What the US can Learn from the Failures of the Australian nationwide EHR system | Gabriel Perna | Healthcare Blogs Skip to content Skip to navigation

Learn from the Trouble Down Under

November 5, 2013
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If you think the United States is the only country where healthcare technology trouble is front and center, I would suggest that you pick up a newspaper and think again. Better yet, why not just grab a few thousand dollars, take some vacation days, get on a plane, and fly 20 or so hours to Australia, “The Land Down Under,” where, lately, the kangaroo burger isn’t the only thing that’s being cooked.

(I’ll be here all night…)

 Don’t have a few thousand bucks to spare? It’s OK (although having been to the country once before, I can say that you’re definitely missing out if you don’t check out Australia at least once in your life), here’s a story in The Australian that should help clear things up. Here’s another one from the same publication.

To summarize, Australian Health Minister, Peter Dutton, a Liberal member of the Australian House of Representatives (the Liberal party won the office of Prime Minister in September), is taking members of the rival Labor Party to task for that administration’s work in implementing the country’s Personally Controlled eHealth Record System (PCEHR). According to news.com.au, Dutton has charged the previous administration’s government officials with implementing a system that cost $1 billion but has only gotten a few hundred doctors to upload records into it. With that rate of participation, the system cost about $200,000 a patient, the Health Minister said to reporters.

The problems are technological in nature, according to the second Australian article. The country’s National E-Health Transition Authority, its version of the Office for National Coordinator of Health IT (ONC), was reportedly warned back in June, one month before the government had targeted a benchmark of 500,000 patient users, that the system wasn’t ready for primetime.  “The strong view of members was that significant improvement was needed in the way PCEHR information is presented in healthcare provider software,” The Australian article said, quoting a government document brief that outlined the problems.

The registrations have gone up and according to The Australian are at 1,053,633, as of the end of last month. However, the number of doctors that actually are uploading health summaries with patient information is miniscule. As stated, the reason seems to be the system’s usability. This was confirmed, according to ZDNET, by Australian Medical Association president Steve Hambleton, MBBS.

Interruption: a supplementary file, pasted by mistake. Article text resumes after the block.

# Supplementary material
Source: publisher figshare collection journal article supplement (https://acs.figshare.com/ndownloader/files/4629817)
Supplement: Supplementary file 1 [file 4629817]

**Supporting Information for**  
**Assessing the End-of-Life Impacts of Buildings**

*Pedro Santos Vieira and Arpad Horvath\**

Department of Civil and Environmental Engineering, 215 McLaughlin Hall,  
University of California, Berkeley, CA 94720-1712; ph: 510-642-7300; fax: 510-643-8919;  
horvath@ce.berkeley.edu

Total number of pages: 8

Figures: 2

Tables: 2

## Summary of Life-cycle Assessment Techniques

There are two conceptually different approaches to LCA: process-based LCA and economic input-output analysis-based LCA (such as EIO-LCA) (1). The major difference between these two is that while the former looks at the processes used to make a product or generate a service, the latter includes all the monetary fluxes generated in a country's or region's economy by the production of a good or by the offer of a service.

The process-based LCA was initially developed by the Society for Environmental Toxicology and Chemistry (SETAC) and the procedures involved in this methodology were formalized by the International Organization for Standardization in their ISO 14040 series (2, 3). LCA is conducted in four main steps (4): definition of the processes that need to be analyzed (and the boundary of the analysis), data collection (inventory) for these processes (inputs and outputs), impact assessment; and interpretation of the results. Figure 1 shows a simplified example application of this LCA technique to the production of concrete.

Sadly, and surprisingly, that’s not all the trouble you’ll find in Australia. I also stumbled upon a story in The Age, another Australia publication, which reported on the various troubles encountered by the Victoria (a state in Australia) Department of Health’s HealthSMART program. The $471 million program aimed to use health IT systems to link statewide hospitals and provide a foundation of clinical and financial information sharing. Not only has it not done that (a few hospitals dropped out completely), but according to The Age, it was responsible for more than 100 medication mix-ups at two Melbourne hospitals.


Usability, workflow, and integration are words we hear a lot in the U.S. when it comes to potential issues surrounding EHRs and health IT.  Those words are at the center of Australia’s health IT woes. While I don’t wish to condemn the effort, it’s clear the Australian government has a lot on its plate in fixing the PCEHR program, perhaps using private sector integration as a starting point. If you’re involved with health IT systems in the U.S., this “case study” ought to be enlightening.

Australia is a future mirror in which American health officials from both parties, as well as pertinent stakeholders across the industry, should look at intently. What are the possible problems and how can we avoid them? Have we addressed usability and integration? Of course, there are differences in the two countries’ efforts to get doctors on EHRs.  But no matter how you spell it, success and failure is universal.  

Feel free to write something in the comments below or tweet me at @HCI_GPerna.

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